During these uncertain times caused by the rapid spread of the coronavirus, and on behalf of The Bella Team, I want to reassure guests and customers of our firm commitment to you.
We know that all companies and markets have been affected by the current situation. Travel and supplies to and from the Islands are now also being effected.
The health and safety of all guest and staff is most paramount.
The hotel has been closed for the winter season, and we have liaised with all our staff both overseas and locally, and for their safety and that of our customers we have decided to review our re-opening for the summer season:
We will now re-open May the 1st 2020 and not April 1st as previously planned. We will continue to review and post updates on our website and social media accounts as they arise.
All existing reservations and bookings for April will be contacted ASAP to make alternative arrangements.
All future hotel and restaurant bookings, and general queries should be directed through: [email protected] / 01481 238764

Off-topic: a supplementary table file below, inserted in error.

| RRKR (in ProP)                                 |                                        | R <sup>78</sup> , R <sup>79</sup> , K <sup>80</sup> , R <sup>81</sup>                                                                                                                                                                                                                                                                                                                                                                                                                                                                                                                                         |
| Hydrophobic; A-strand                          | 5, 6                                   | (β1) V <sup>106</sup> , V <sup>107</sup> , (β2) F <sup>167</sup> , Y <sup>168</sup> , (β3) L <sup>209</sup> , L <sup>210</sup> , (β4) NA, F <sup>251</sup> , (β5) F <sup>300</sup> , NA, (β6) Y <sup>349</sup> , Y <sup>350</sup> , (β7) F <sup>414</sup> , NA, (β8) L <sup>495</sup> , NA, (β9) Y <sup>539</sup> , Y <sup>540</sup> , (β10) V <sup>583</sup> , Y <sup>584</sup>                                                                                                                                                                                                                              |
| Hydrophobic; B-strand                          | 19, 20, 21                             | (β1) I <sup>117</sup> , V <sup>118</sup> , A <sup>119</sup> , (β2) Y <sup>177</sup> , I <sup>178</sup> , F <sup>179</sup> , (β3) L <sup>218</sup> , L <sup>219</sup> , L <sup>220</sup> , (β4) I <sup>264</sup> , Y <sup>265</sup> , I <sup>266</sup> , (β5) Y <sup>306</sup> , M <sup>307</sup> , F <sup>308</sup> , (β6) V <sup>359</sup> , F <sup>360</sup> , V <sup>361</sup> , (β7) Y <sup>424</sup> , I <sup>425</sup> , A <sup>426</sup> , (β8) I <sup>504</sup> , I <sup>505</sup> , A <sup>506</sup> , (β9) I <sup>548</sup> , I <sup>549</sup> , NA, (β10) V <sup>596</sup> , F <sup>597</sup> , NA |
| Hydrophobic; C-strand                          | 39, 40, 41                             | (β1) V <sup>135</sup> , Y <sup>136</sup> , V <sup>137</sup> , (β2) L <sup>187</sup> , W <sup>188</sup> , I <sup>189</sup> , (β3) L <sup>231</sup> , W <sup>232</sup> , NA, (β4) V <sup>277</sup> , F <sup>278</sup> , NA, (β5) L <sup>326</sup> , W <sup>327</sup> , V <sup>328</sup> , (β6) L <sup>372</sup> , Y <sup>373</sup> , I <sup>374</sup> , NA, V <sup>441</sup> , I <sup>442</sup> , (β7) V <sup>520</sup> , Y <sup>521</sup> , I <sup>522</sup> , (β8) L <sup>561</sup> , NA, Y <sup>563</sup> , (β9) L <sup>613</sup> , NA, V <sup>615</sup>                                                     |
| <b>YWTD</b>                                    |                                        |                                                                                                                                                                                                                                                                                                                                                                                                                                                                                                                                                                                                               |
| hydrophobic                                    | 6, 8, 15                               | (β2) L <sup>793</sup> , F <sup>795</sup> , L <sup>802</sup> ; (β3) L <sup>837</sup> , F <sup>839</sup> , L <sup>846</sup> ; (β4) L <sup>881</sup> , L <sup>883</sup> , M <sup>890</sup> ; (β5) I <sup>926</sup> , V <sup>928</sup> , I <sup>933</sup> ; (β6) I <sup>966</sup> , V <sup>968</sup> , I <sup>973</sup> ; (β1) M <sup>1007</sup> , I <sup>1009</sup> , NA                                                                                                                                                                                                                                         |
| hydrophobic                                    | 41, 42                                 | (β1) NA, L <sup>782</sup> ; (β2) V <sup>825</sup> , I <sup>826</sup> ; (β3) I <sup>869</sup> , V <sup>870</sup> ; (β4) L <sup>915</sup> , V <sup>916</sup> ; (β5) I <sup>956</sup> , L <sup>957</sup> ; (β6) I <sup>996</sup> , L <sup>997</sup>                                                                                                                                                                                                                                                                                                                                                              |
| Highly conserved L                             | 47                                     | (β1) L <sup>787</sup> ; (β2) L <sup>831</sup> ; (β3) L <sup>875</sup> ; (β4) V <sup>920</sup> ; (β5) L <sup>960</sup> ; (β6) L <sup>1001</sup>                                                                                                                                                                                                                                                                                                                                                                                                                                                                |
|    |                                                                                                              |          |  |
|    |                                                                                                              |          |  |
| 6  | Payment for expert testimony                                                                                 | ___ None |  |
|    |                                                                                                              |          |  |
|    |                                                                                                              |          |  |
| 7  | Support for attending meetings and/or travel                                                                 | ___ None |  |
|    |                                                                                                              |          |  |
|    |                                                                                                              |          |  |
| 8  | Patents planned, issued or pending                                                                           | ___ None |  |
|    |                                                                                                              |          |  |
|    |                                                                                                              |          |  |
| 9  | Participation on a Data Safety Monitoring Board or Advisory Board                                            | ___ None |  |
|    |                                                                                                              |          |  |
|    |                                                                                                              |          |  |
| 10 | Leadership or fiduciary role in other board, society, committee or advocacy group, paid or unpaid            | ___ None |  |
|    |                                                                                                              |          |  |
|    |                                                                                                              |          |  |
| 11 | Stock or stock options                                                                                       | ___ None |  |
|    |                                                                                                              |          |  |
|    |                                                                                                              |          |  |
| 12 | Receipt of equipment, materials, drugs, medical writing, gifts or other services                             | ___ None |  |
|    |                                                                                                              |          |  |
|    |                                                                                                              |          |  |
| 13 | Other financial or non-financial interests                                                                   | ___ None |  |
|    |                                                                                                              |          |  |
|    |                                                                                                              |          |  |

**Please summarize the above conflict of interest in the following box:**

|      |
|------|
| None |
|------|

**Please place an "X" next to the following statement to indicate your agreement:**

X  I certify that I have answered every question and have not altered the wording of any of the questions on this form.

Phil Collinson, General Manager
We guarantee that you’ll get the best deal when you book directly on our website.
Guernsey has a long and rich history of horticulture. This is in part thanks to the mild maritime climate that the island enjoys and because, as the southernmost islands in the British Isles, spring arrives earlier, and autumn later. For commercial growers, this is a huge advantage; produce that can’t be grown easily on the mainland flourishes on the island, particularly under glass. Whilst today this only comprises a very small percentage of Guernsey’s economy, in the past (well within living memory) commercial horticulture was the cornerstone. The evidence of this lies island-wide in the acres of greenhouses that remain, many of them sadly in a state of disrepair.